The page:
Normally, this market shouldn’t need such government interference, although this new law doesn’t commit the state to anything but the lightest regulation. Unfortunately, federal law vastly privileges hanging up solar panels in commercial settings through a vast and costly array of subsidies. This creates oversupply, ironically enough, of production of something (at least the onshore version) now admitted to have become price competitive with other forms, including dispatchable ones, without government using tax dollars to prop it up. (And, in fact, much of the subsidies go to foreign entities.)


New LA holiday wastes more taxpayer dollars

If Louisiana doesn’t appear as idiotic this time as it typically does in its policy-making, it’s only because the rest of the country joined in.

Barely beating a deadline inherent to the bill’s subject matter, last week Democrat Gov. John Bel Edwards signed HB 554 by Democrat state Rep. Larry Selders. This makes the third Saturday in June a legal state holiday, in honor of “Juneteenth.”

Those who didn’t grow up in Texas, and especially not close to Galveston, mayn’t know that on Jun. 19, 1865, the U.S. Army arrived there and, with the state essentially now entirely under military occupation (the Civil War’s last battle occurred about a month earlier in south Texas, and Shreveport was headquarters of the last organized ground forces of the Confederacy, surrendering under the Appomattox terms almost two months later than when the terms were accepted back east) and with the state technically not in rebellion, the terms of the Emancipation Proclamation needed reenactment.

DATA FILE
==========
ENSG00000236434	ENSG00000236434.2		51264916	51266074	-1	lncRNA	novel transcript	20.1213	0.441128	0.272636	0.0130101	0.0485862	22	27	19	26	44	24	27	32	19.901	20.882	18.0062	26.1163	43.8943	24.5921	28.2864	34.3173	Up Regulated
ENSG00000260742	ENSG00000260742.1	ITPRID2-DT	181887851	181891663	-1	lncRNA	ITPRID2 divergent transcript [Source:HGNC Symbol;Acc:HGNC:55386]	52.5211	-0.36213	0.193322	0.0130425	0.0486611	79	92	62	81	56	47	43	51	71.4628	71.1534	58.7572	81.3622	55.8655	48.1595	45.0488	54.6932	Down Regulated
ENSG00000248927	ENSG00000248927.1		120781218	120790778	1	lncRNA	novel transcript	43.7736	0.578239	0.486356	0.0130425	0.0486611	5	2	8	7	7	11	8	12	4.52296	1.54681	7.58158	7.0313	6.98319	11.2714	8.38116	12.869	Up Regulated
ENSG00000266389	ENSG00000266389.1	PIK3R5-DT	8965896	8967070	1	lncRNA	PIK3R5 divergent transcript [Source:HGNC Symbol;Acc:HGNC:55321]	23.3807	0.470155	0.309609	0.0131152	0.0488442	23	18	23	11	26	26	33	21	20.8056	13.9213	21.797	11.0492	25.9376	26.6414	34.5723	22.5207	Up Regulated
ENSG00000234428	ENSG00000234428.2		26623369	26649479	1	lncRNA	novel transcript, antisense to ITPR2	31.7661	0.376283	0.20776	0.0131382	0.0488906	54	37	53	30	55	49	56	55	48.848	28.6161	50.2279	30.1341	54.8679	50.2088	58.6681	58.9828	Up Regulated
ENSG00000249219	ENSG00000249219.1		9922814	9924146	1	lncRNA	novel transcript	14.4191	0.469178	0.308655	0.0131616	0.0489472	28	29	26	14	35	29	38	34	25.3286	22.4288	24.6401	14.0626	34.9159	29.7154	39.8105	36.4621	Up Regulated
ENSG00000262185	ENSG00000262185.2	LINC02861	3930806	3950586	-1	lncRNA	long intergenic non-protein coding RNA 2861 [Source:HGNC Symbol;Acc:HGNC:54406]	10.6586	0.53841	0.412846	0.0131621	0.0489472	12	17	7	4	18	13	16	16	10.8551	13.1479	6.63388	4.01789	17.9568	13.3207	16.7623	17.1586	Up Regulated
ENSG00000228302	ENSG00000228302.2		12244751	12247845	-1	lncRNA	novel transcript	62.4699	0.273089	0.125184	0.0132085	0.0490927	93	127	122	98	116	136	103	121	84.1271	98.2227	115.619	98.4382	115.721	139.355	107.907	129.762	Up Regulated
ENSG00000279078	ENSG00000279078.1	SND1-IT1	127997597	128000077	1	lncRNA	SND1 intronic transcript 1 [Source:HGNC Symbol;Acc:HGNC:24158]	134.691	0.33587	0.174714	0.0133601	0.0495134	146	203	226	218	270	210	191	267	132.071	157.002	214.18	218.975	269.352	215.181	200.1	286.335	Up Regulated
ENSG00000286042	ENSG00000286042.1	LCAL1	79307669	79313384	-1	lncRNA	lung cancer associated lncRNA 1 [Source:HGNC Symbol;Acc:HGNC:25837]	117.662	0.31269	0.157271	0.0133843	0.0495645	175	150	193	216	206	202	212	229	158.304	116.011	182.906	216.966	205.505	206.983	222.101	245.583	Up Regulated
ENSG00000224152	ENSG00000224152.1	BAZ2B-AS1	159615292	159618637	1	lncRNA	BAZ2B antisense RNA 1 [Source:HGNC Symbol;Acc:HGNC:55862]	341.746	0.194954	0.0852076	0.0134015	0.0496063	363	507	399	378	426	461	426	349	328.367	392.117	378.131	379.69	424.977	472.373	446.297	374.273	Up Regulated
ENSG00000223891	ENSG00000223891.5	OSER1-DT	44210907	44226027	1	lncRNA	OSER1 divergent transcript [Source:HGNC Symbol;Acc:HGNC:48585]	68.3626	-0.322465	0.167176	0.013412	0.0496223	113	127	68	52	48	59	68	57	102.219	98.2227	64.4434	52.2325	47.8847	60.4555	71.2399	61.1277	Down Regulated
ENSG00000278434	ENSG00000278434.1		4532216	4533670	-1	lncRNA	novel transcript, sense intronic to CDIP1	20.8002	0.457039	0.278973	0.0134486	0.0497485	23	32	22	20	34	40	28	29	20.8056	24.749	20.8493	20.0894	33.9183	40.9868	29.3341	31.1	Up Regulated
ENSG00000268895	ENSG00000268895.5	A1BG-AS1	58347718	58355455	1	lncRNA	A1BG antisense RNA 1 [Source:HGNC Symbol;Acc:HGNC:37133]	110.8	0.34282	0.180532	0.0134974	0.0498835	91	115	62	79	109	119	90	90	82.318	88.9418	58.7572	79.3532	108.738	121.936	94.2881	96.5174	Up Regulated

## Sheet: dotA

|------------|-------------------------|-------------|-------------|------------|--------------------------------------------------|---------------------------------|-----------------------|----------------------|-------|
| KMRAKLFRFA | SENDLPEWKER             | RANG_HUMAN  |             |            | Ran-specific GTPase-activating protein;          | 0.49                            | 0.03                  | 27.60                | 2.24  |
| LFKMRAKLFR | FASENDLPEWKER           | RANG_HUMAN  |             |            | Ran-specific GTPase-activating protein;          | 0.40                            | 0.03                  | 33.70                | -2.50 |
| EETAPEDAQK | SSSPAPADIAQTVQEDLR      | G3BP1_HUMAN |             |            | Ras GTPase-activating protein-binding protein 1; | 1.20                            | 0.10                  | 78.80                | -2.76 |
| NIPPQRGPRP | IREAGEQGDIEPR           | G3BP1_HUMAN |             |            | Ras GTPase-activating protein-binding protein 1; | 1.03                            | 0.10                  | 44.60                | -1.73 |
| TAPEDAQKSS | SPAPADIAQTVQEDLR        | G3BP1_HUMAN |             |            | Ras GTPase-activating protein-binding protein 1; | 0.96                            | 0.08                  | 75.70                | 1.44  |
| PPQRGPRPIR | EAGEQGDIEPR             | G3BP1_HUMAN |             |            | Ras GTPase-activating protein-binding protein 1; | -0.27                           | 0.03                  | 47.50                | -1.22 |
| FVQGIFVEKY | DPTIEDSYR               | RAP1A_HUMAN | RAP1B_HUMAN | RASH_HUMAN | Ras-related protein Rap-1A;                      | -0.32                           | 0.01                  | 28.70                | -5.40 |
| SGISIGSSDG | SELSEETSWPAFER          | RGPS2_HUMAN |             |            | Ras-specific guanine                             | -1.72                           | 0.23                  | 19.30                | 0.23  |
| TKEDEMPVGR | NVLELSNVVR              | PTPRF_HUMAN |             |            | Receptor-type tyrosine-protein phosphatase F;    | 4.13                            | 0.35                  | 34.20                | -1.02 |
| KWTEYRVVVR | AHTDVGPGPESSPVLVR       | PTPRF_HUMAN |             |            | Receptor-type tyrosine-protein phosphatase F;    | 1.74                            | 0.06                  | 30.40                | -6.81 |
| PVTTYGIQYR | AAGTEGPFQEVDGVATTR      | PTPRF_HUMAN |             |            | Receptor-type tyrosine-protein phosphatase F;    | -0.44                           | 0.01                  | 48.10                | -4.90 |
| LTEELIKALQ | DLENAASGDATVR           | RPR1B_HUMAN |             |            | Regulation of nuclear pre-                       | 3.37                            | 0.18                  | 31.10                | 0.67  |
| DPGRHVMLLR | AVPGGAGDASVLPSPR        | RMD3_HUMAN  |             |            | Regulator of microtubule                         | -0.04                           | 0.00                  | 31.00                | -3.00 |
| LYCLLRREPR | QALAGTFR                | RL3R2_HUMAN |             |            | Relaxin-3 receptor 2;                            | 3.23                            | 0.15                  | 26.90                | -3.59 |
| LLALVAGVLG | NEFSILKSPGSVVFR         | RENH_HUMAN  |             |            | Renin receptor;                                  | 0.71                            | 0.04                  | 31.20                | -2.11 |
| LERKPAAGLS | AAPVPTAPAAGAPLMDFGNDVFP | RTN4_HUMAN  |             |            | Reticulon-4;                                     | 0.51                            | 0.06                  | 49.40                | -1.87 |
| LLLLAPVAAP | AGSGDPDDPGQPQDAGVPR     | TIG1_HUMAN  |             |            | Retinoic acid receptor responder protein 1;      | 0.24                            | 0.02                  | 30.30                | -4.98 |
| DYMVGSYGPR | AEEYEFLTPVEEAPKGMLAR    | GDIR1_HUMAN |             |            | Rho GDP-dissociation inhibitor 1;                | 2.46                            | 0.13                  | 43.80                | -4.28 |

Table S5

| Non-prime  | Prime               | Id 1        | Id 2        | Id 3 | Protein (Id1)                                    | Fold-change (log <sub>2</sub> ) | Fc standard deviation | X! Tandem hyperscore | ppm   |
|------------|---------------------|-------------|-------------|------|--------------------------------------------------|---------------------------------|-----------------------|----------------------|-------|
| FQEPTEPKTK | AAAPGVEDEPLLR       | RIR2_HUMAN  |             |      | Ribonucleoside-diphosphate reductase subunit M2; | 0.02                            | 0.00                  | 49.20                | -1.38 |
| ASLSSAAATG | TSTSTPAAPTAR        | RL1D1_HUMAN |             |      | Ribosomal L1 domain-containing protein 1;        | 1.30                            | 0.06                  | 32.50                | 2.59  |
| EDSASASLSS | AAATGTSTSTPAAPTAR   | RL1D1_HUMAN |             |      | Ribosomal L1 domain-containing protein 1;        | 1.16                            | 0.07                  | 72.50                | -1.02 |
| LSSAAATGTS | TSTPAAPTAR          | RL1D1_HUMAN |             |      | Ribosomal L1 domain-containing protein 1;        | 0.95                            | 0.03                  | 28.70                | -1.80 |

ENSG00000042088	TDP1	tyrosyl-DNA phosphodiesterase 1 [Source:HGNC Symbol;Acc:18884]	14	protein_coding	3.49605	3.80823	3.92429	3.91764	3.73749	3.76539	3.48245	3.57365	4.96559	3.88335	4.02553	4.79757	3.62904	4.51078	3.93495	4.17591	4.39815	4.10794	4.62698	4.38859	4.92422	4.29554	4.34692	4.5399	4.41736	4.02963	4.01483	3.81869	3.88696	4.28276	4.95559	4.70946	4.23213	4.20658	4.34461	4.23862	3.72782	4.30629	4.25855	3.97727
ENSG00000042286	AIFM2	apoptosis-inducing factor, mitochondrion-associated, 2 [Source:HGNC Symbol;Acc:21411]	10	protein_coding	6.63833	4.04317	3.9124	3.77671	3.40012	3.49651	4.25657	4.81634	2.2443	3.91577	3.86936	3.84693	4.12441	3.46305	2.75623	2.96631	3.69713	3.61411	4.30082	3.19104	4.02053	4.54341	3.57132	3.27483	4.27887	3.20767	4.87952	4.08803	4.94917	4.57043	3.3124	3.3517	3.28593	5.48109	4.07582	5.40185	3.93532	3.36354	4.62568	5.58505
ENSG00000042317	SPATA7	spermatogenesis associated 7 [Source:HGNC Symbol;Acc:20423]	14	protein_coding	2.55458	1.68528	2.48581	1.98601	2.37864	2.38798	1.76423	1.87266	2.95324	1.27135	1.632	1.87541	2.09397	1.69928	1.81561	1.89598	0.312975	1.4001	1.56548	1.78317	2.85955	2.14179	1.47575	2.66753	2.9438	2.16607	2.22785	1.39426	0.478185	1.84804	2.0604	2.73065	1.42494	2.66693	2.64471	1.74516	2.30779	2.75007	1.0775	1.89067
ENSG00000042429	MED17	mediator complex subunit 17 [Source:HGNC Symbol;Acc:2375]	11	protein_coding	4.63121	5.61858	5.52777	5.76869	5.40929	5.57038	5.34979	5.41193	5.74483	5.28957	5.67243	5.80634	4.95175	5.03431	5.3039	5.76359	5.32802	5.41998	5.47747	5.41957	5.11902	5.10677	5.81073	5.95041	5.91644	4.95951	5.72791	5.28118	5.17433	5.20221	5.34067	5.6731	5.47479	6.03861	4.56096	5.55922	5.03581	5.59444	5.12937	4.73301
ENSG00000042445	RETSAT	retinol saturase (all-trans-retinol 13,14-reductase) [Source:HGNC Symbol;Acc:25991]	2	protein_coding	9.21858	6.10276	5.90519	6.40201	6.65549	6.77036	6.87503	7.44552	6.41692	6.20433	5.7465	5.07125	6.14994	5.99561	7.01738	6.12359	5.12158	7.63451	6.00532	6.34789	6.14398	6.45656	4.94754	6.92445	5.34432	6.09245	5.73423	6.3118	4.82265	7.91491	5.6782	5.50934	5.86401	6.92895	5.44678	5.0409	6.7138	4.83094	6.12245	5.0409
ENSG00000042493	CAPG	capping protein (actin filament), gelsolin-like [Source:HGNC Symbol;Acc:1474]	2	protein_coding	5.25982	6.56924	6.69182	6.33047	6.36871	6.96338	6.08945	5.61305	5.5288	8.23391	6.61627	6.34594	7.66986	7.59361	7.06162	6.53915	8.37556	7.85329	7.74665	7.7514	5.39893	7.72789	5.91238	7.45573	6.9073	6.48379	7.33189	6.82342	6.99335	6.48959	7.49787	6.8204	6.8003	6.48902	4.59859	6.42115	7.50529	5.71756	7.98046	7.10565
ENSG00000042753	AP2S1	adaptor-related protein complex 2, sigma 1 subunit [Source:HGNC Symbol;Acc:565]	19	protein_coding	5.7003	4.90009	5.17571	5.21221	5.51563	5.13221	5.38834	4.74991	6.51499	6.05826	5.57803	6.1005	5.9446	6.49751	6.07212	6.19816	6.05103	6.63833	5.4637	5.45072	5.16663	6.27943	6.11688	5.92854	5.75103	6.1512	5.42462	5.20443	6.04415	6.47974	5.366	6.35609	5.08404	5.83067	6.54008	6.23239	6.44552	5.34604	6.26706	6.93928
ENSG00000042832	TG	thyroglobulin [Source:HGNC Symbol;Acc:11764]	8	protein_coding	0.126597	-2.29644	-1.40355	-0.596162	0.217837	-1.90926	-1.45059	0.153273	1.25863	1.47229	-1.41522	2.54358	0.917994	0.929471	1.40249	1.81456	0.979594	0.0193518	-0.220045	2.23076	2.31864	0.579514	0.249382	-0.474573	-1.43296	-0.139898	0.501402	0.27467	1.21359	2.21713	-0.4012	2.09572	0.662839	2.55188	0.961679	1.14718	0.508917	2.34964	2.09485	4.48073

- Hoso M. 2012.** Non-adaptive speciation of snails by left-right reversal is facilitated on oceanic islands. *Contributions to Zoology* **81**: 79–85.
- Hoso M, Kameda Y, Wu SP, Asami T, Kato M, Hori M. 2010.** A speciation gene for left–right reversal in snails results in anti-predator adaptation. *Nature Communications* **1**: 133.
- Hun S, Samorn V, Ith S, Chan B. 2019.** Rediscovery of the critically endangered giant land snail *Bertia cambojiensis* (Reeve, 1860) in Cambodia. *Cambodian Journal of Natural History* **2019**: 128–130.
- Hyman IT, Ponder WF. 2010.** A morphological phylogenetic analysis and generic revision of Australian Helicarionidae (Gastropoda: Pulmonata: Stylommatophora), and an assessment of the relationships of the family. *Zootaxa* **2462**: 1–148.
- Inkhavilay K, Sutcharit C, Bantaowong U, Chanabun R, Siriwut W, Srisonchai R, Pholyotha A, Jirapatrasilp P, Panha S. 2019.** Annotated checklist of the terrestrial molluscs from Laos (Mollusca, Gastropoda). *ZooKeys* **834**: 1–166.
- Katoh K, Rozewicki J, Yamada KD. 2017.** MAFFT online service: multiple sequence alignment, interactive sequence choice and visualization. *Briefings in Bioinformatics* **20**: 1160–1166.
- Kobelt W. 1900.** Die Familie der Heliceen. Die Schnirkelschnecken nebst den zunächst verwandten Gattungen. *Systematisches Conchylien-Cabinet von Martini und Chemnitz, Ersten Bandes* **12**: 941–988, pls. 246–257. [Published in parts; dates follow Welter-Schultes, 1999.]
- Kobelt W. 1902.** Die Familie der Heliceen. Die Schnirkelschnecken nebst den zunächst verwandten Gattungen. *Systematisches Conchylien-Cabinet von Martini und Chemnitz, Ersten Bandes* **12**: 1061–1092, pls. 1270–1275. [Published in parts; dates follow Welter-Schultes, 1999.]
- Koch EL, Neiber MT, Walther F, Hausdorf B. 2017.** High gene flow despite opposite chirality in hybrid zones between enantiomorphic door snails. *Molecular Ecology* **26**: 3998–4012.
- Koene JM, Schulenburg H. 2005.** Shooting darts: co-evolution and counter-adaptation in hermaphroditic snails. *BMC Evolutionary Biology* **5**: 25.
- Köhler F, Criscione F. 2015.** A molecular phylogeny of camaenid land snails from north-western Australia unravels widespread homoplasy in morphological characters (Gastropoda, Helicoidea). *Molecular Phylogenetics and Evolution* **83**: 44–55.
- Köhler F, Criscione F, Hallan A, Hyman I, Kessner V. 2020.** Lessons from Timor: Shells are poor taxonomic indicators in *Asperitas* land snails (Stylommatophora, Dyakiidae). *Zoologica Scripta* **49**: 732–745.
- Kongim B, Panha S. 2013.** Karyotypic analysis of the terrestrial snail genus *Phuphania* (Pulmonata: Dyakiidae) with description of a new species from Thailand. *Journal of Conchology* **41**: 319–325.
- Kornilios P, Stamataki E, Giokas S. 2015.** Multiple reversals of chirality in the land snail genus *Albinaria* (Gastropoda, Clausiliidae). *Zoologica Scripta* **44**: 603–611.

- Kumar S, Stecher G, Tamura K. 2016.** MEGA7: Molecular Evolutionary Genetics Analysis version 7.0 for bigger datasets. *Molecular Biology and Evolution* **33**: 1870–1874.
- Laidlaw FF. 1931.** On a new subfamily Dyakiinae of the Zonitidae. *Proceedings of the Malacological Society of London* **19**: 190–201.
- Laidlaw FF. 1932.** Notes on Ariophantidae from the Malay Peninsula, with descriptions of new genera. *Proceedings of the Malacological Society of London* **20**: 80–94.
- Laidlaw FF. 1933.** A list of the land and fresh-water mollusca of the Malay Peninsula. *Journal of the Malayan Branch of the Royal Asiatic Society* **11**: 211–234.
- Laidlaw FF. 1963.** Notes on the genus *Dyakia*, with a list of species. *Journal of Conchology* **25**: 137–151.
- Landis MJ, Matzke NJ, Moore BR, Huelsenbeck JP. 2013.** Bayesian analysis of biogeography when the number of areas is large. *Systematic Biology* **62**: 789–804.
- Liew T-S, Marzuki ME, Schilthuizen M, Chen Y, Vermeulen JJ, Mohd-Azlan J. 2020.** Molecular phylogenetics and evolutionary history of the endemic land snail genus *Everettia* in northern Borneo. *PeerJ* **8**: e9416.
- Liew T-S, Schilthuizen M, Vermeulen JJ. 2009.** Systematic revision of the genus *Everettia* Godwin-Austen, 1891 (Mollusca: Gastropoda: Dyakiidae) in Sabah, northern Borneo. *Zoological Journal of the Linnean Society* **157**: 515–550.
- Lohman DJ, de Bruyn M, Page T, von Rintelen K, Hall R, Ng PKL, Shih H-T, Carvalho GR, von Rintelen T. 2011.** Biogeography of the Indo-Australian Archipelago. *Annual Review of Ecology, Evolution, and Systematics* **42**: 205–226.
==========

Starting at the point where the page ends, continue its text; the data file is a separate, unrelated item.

Juneteenth, a local holiday for over a century, went statewide just as I headed out for college. That treatment is entirely appropriate, for it was a significant event in the state’s history – but nowhere else. However, over the years, its use as an instrument of virtue signaling picked up and other states, with no connection at all to the event, began commemorating it. In fact, Louisiana was rather late to the party, even though few states made it a paid holiday (although the state has had the authority to commemorate the third Saturday as Juneteenth for nearly two decades).

And now preempted, for the virtue signaling finally swamped the federal government. A large House of Representatives majority and unanimous Senate just about beat Louisiana to the punch to make it a federal holiday. Thus, more taxpayer dollars will go to waste with most of the federal workforce taking another day off to the tune of around $600 million lost to egregious symbolism.

No Louisiana member of Congress had to good sense to vote against it, although Republican Rep. Clay Higgins added a caveat to his affirmative ballot. With its official name “Juneteenth National Independence Day,” Higgins complained, “Why would the Democrats want to politicize this by co-opting the name of our sacred holiday of Independence Day?” in arguing they should have instead used the word “emancipation.”

Note as well that the federal version gives the day special importance above most other holidays. Most are designated as a specific day of the week, not a date. Until now, only New Year’s Day, Independence Day, Veterans’ Day, and Christmas have it occur on a specific date (although as well Thanksgiving Day always occurs on a Thursday). Juneteenth incredibly now joins that pantheon, and thus becomes part of the observational rule that if it occurs not during the work week, either Friday or Monday becomes the holiday.

Because of legal niceties, Edwards only could declare a half-holiday for last Friday, but next year it’s another paid entire day off for state employees, except potentially in higher education which are limited to 14 such days off a year. Otherwise, the cost of letting off around 40,000 employees averaging around $48,500 (classified) and $69,500 (unclassified) annually of $8.2 million in taxpayer bucks going down the drain would be higher.

If they had to do it, why not remove the secular New Year’s Day designation and convert Jan. 1 into a day celebrating the Emancipation Proclamation, which was issued that day in 1863 and has relevance to the state that Juneteenth doesn’t? Instead, it’s just more government waste, courtesy of Edwards and every single Louisiana legislator who voted on the bill.